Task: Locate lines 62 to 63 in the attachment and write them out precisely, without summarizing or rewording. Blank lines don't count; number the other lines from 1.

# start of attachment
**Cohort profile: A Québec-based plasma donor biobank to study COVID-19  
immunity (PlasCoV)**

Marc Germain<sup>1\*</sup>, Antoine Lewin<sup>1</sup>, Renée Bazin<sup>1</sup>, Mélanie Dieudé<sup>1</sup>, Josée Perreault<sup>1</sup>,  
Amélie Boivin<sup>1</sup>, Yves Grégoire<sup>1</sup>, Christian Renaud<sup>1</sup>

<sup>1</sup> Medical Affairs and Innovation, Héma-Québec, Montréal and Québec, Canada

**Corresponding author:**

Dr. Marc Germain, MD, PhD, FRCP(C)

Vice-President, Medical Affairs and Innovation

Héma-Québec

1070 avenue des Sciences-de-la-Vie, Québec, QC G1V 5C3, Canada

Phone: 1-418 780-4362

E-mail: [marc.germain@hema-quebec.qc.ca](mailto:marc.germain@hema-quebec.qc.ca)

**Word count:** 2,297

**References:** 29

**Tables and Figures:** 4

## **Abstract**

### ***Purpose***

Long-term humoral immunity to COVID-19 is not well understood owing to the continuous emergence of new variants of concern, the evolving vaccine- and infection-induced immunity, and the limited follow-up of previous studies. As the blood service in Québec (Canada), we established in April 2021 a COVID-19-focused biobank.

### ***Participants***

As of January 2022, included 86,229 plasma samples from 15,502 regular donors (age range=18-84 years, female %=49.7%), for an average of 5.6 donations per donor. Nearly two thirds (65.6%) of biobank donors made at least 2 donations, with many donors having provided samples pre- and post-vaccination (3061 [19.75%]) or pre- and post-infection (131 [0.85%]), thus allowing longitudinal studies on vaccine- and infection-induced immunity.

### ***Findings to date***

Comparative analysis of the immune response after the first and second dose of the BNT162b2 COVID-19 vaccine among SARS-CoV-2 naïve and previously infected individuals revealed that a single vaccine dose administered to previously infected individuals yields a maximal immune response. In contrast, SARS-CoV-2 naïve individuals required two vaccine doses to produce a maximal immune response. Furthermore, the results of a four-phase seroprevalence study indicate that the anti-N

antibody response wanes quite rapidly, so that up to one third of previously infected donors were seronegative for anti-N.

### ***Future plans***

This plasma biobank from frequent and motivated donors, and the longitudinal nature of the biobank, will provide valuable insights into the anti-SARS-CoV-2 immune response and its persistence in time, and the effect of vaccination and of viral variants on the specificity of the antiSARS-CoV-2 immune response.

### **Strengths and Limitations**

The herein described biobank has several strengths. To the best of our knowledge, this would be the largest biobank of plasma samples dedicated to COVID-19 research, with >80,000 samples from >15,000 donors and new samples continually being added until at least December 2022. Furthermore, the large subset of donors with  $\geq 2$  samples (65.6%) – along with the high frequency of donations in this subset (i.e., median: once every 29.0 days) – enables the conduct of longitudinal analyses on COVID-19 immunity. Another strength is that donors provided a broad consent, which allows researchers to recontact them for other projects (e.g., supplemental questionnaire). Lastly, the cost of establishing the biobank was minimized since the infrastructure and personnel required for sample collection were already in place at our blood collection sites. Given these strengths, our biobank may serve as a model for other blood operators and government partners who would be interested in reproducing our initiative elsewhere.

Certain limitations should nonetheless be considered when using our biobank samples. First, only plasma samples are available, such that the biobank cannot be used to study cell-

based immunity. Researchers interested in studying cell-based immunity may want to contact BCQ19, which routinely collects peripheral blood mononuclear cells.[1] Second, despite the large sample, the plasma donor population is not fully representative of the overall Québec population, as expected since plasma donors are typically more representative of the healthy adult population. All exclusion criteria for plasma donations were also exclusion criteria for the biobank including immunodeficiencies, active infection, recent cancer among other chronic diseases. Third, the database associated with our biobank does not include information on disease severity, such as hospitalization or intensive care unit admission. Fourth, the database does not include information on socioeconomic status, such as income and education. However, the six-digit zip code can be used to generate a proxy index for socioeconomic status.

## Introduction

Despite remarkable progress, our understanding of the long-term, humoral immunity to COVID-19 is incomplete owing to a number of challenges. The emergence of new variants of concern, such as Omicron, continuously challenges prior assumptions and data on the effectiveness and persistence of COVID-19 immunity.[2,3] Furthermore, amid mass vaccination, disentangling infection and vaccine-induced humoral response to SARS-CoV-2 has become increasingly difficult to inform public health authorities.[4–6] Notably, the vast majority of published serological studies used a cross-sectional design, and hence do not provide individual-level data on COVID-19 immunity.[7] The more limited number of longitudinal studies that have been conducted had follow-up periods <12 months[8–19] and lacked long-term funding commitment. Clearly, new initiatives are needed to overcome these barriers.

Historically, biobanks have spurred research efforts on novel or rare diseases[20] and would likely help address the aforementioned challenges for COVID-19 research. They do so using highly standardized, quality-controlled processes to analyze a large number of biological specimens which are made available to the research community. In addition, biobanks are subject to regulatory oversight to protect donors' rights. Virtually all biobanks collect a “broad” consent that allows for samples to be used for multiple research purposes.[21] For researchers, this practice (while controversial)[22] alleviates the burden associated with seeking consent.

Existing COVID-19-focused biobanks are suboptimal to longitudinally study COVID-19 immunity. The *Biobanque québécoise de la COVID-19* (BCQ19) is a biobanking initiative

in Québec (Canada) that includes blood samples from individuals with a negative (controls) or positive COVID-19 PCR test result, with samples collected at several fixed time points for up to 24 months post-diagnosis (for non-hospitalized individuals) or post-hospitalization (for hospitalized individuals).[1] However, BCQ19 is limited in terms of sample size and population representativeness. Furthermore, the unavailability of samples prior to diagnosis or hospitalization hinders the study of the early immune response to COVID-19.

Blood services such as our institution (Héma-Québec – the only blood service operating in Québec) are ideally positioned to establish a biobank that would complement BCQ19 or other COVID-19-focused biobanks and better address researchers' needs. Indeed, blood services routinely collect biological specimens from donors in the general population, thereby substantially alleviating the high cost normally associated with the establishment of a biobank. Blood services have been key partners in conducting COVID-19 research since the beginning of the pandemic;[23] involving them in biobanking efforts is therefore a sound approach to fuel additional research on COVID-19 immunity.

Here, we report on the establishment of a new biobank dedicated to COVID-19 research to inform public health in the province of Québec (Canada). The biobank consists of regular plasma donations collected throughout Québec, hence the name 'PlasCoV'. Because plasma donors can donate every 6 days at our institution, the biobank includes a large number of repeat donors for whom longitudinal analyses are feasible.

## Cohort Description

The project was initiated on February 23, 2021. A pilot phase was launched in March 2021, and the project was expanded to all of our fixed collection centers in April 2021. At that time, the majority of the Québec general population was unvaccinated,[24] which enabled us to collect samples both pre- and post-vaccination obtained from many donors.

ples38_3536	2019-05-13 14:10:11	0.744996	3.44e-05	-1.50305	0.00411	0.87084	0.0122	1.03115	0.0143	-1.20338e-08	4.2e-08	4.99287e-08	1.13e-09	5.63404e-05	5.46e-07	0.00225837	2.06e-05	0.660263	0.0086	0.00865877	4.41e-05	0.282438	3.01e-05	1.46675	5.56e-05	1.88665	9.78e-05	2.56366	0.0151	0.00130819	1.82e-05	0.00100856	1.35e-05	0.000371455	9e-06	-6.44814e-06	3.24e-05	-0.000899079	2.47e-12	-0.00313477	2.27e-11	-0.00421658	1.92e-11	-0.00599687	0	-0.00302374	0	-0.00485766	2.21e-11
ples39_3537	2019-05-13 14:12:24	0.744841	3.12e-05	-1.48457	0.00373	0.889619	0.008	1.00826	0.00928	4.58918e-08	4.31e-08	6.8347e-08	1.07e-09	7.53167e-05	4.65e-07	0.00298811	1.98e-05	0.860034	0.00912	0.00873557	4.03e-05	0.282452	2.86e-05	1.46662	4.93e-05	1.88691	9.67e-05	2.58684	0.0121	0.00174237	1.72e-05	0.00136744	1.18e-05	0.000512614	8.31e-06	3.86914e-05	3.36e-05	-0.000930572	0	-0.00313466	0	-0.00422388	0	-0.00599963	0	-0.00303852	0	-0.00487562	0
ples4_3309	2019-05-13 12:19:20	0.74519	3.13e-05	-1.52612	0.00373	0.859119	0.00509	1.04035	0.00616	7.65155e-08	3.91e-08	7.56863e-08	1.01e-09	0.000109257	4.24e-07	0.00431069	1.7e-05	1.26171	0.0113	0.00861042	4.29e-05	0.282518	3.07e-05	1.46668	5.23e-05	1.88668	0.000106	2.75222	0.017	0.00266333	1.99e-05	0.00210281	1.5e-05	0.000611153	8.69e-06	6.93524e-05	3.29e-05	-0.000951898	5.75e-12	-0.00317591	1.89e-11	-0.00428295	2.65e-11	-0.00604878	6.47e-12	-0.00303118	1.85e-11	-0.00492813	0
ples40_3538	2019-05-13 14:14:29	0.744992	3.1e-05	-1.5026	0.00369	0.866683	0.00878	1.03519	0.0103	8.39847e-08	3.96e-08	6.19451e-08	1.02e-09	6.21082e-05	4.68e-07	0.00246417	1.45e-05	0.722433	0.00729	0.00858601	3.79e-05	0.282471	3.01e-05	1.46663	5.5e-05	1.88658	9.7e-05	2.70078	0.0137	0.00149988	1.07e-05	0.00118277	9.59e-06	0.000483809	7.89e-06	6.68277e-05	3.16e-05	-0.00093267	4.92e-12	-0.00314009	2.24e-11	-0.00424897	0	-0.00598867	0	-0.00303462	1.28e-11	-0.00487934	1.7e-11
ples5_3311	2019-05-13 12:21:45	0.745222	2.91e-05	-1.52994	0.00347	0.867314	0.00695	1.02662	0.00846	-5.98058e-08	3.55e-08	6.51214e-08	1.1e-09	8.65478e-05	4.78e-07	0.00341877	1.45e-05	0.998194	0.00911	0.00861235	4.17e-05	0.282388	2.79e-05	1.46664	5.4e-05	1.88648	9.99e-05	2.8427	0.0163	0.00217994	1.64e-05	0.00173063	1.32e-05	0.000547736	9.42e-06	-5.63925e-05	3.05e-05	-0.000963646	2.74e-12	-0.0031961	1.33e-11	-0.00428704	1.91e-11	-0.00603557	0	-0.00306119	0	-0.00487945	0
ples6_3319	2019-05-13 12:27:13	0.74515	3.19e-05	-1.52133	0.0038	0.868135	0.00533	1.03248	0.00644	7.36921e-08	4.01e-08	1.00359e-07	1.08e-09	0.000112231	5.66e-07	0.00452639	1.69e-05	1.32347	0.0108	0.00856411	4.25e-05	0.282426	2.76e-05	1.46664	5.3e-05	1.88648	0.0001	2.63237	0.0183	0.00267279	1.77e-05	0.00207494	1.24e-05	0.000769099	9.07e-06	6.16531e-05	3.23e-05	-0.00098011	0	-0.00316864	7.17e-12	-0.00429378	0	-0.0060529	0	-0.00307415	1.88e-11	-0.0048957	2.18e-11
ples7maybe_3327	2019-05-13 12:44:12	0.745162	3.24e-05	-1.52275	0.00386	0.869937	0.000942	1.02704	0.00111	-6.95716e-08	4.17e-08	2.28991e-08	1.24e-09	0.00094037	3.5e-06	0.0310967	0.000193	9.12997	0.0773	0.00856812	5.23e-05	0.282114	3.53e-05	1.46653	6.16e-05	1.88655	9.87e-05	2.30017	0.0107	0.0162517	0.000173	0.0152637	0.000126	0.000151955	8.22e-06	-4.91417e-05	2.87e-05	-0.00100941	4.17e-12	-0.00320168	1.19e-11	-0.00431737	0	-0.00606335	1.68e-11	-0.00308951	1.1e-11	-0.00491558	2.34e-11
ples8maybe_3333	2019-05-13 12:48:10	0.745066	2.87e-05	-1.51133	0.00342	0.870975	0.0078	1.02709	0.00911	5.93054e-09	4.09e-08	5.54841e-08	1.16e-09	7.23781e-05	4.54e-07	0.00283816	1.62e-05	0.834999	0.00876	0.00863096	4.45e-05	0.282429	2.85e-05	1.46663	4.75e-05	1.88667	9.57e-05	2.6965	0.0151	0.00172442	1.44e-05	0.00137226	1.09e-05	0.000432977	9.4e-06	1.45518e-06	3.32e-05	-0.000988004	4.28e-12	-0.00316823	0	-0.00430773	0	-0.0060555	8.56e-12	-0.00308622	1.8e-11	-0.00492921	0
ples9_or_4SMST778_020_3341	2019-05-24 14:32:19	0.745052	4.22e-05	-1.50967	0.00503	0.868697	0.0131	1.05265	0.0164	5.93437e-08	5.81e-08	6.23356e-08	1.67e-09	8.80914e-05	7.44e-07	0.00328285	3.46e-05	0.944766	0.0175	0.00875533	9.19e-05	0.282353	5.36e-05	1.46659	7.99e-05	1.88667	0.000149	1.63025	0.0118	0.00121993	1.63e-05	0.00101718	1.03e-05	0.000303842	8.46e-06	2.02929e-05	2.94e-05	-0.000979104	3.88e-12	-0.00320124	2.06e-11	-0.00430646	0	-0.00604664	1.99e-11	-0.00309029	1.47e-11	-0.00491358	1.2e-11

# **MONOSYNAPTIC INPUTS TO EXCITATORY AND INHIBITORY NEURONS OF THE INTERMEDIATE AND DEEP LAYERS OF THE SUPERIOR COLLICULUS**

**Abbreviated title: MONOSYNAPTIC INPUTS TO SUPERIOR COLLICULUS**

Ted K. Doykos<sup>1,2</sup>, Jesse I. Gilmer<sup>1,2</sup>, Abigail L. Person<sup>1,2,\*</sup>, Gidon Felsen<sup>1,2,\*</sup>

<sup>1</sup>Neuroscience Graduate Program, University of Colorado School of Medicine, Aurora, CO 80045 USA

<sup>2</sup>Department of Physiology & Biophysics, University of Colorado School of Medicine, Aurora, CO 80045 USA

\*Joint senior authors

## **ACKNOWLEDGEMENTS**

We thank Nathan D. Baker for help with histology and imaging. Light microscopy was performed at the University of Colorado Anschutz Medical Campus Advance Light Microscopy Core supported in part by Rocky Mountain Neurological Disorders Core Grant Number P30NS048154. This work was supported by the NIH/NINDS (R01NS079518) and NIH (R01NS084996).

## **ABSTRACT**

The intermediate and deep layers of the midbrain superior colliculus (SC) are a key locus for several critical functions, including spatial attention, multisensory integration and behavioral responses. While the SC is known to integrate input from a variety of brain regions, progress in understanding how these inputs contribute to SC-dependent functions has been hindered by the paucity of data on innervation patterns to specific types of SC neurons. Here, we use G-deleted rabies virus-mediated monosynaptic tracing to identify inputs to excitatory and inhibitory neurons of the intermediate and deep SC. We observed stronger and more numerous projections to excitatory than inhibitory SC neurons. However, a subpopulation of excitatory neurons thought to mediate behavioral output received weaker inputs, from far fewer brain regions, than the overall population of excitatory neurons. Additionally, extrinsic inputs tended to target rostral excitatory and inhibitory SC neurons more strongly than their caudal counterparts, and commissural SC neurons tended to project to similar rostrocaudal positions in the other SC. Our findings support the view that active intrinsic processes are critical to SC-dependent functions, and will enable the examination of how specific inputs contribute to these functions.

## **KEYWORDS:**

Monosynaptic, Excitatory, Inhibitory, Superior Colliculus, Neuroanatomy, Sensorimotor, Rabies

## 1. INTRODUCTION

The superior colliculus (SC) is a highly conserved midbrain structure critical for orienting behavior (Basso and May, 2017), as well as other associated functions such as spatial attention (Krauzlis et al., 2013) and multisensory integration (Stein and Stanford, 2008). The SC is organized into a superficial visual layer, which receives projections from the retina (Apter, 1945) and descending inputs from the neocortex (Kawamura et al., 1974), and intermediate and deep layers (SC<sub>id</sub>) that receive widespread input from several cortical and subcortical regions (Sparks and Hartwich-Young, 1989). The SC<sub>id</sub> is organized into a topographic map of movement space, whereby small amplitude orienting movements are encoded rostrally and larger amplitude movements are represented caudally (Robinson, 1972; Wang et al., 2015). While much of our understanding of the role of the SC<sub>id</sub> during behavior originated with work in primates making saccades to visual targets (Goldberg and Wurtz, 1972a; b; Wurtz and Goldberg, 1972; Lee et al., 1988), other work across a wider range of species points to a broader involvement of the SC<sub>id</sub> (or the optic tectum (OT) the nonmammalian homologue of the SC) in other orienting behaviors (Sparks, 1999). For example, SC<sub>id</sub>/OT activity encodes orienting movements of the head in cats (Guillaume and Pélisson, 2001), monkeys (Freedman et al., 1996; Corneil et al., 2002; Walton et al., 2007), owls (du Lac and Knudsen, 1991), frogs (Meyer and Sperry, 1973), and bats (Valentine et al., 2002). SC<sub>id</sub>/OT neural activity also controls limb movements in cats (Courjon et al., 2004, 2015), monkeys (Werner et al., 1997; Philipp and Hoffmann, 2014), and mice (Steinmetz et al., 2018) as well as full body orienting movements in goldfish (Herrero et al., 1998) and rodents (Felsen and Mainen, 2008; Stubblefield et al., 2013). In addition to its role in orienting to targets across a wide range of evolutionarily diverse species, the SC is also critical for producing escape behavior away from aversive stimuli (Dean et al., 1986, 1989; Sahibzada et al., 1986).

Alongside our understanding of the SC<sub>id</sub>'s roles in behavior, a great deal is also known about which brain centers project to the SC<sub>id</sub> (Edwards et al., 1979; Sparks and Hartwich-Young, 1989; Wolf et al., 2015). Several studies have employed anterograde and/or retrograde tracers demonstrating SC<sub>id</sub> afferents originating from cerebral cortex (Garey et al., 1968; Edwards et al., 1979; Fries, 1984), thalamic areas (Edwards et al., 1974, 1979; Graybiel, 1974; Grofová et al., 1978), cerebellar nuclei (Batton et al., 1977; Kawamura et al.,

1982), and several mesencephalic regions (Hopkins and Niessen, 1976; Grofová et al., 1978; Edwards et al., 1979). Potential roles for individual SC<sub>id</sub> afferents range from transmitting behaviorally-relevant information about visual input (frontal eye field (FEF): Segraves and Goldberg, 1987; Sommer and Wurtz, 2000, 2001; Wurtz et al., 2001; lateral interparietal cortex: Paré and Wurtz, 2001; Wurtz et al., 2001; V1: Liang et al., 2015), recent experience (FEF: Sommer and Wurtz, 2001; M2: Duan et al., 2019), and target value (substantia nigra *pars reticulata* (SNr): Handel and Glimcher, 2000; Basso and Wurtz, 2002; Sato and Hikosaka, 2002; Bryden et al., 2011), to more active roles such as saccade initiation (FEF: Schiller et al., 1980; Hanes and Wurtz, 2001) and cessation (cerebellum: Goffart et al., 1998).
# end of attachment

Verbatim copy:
Alongside our understanding of the SC<sub>id</sub>'s roles in behavior, a great deal is also known about which brain centers project to the SC<sub>id</sub> (Edwards et al., 1979; Sparks and Hartwich-Young, 1989; Wolf et al., 2015). Several studies have employed anterograde and/or retrograde tracers demonstrating SC<sub>id</sub> afferents originating from cerebral cortex (Garey et al., 1968; Edwards et al., 1979; Fries, 1984), thalamic areas (Edwards et al., 1974, 1979; Graybiel, 1974; Grofová et al., 1978), cerebellar nuclei (Batton et al., 1977; Kawamura et al.,

1982), and several mesencephalic regions (Hopkins and Niessen, 1976; Grofová et al., 1978; Edwards et al., 1979). Potential roles for individual SC<sub>id</sub> afferents range from transmitting behaviorally-relevant information about visual input (frontal eye field (FEF): Segraves and Goldberg, 1987; Sommer and Wurtz, 2000, 2001; Wurtz et al., 2001; lateral interparietal cortex: Paré and Wurtz, 2001; Wurtz et al., 2001; V1: Liang et al., 2015), recent experience (FEF: Sommer and Wurtz, 2001; M2: Duan et al., 2019), and target value (substantia nigra *pars reticulata* (SNr): Handel and Glimcher, 2000; Basso and Wurtz, 2002; Sato and Hikosaka, 2002; Bryden et al., 2011), to more active roles such as saccade initiation (FEF: Schiller et al., 1980; Hanes and Wurtz, 2001) and cessation (cerebellum: Goffart et al., 1998).